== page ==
The recent Ohio train derailment, which saw cars from a cargo ship carrying 150 cars of toxic chemicals off the rails in the city of eastern Palestine, is just one of more than a dozen rail accidents reported to have taken place across the United States since then early 2023.
Accordingly, the accident was not even the first to occur in Ohio this year news weekwith another derailment occurring on 19 January between Trinway and Adam’s Mill.
In that incident, a 97-car, 1.2-mile Ohio Central Railroad train slid off the rails, even though they were empty at the time, so no cargo spilled and no one was injured.
“A thorough investigation into the cause is ongoing,” a company spokesman said The Zanesville Times Recorder he subsequently added that he expects his crew to have the cars upright and cleared the scene within a week.
news week counts no fewer than three other accidents this year in South Carolina alone – near Lake City at 9 Philadelphia and others in Alabama, Alaska, Louisiana and Texas.
But it is the incident in East Palestine that has shed new light on America’s underreported rail sector and the challenges it faces.
The accident happened just after 9pm on Friday February 3 when 38 Norfolk Southern wagons fell off the rails after investigators later determined it was a broken axle, 10 of which contained hazardous materials transported across the country.
Fortunately, no one was injured, but more than 2,000 of eastern Palestine’s approximately 4,800 residents had to be temporarily evacuated from the area due to health concerns from the chemical plague.
As part of the cleanup effort, five of the tankers, which contained vinyl chloride – a compound used to make plastic pipe, wire, cable jackets, car parts and packaging but which can cause cancer – had to be deliberately broken open by emergency crews who diverted the substance into dug a trench and performed a controlled burn to prevent an explosion, causing toxic black clouds to rise into the atmosphere.
Evacuated residents have since been allowed to return home after the Environmental Protection Agency and the Ohio Department of Natural Resources, which have been monitoring air and water pollutants since the accident, reported the levels found were not significant enough to cause lasting health impairment .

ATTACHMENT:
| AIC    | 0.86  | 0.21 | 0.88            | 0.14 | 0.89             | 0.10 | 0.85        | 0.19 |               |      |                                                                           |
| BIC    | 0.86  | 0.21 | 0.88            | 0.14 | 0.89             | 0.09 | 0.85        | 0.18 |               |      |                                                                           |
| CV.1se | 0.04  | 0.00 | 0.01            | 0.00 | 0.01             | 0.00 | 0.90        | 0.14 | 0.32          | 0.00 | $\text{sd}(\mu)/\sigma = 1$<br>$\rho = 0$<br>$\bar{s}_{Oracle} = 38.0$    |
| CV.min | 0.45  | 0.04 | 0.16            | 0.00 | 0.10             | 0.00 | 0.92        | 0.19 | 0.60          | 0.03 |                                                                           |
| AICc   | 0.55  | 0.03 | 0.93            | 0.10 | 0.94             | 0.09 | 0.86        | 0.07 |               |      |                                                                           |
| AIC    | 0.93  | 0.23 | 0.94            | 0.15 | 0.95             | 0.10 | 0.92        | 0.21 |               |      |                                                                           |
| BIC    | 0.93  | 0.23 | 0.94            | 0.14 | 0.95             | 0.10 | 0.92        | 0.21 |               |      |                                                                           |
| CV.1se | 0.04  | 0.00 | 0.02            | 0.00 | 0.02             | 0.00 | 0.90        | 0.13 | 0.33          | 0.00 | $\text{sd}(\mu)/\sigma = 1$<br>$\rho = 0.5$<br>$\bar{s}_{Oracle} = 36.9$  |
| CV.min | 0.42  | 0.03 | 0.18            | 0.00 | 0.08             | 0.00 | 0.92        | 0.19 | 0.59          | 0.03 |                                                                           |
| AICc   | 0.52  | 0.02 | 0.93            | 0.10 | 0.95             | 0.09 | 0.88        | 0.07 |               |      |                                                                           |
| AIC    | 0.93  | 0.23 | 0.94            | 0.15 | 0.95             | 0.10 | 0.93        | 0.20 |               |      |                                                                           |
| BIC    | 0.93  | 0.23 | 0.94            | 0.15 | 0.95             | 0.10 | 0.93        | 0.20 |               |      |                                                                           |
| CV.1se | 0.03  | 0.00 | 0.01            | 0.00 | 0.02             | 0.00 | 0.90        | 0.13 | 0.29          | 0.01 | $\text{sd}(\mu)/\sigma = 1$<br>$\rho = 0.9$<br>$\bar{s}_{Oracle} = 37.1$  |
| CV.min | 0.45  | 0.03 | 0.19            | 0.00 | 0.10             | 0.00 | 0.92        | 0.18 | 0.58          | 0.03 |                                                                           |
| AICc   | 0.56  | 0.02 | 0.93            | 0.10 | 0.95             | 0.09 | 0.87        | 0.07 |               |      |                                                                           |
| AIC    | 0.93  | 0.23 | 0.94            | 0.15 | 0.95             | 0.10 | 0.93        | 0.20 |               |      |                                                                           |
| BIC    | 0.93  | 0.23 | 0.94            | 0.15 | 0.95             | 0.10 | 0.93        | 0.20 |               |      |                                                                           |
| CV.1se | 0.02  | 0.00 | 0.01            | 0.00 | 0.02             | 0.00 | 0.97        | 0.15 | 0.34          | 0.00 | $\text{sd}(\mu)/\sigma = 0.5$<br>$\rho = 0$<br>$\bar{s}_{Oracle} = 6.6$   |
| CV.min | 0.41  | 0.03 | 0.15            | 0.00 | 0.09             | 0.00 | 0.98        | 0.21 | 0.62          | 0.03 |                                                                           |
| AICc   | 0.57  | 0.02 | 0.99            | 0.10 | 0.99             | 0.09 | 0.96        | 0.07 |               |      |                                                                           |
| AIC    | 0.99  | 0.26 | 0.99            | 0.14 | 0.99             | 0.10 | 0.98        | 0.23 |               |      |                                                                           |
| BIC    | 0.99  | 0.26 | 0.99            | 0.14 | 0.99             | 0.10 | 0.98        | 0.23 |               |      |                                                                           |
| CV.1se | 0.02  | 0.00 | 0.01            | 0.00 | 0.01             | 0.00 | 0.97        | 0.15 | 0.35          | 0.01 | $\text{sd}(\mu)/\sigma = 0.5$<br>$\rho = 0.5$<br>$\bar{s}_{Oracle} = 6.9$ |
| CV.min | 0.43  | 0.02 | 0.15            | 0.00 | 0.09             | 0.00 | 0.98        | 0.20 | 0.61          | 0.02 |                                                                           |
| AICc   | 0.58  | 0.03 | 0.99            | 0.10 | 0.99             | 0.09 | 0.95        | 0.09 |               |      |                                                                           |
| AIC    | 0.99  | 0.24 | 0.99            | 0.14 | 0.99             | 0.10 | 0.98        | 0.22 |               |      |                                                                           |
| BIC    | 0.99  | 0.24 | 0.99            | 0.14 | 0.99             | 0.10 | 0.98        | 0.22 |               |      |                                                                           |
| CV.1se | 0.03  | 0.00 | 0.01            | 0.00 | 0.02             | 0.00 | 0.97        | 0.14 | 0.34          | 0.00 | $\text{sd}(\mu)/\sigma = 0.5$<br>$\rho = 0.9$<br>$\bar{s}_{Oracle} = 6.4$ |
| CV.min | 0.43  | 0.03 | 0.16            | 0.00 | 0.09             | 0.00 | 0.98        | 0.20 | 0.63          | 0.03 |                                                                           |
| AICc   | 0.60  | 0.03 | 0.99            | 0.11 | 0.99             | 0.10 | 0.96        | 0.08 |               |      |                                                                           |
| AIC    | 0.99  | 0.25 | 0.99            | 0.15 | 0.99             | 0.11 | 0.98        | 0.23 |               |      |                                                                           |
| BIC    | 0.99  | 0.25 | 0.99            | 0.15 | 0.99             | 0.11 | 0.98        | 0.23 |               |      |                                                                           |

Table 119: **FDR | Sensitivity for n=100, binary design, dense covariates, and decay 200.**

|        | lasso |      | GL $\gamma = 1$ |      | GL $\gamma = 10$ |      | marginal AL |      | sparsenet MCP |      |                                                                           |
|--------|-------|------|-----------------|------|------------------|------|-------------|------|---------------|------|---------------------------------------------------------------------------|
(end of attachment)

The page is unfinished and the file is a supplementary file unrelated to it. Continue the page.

But that didn’t do much to calm locals, some of whom nonetheless reported symptoms like a runny nose, sore throat and headache after the disaster, while an estimated 3,500 fish turned up dead in surrounding waters.
Rail accidents like this are actually relatively common in the United States, although the consequences are rarely that dramatic.
The Bureau of Transportation Statistics records 54,539 train derailments between 1990 and 2021, an average of 1,704 per year.
While that may sound like a lot, the fatality rate from such incidents is low, averaging just four deaths a year over the same period.
However, railroad experts have argued that the crash in East Palestine was the inevitable result of compromised safety measures and reduced workforces, part of an effort to boost railroad companies’ profits.
Steven Ditmeyer, a former top Federal Railroad Administration (FRA) official, told the investigative news outlet The lever that the severity of the accident may have been exacerbated by the lack of electronically controlled pneumatic (ECP) brakes.
Former US President Barack Obama passed legislation making ECP brakes mandatory for trains carrying hazardous, combustible materials, but the order was overturned in 2017 due to an attack on “red tape” by the Donald Trump administration.
The National Transportation Safety Board has confirmed that the trains derailed in East Palestine were not equipped with ECP brakes, The lever reports.
In the meantime, the railway workers’ union has become involved The new republic that a management practice introduced by railway companies called Precision Scheduled Railroading – which organizes freight planning on a basis of individual carriages rather than considering the balance of the train as a whole – may have played a role and contribute to future accidents by ignoring safety concerns.
Ian Jefferies, executive director of the Association of American Railroads’ trade group, has sought to reassure the public about chemical cargo safety by insisting that 99.9 percent of all dangerous goods shipments reach their destinations safely.
FRA data showed that in 2022 just 11 train accidents in the US released hazardous chemicals from about 535 million miles traveled, which compared favorably to decade highs of 20 recorded in both 2018 and 2020.
“Railways are without question the safest form of overland transportation of goods in the country,” said Mr. Jefferies.
“But railroads are also working towards zero incidents. Until we reach that goal, we won’t be where we want to be.”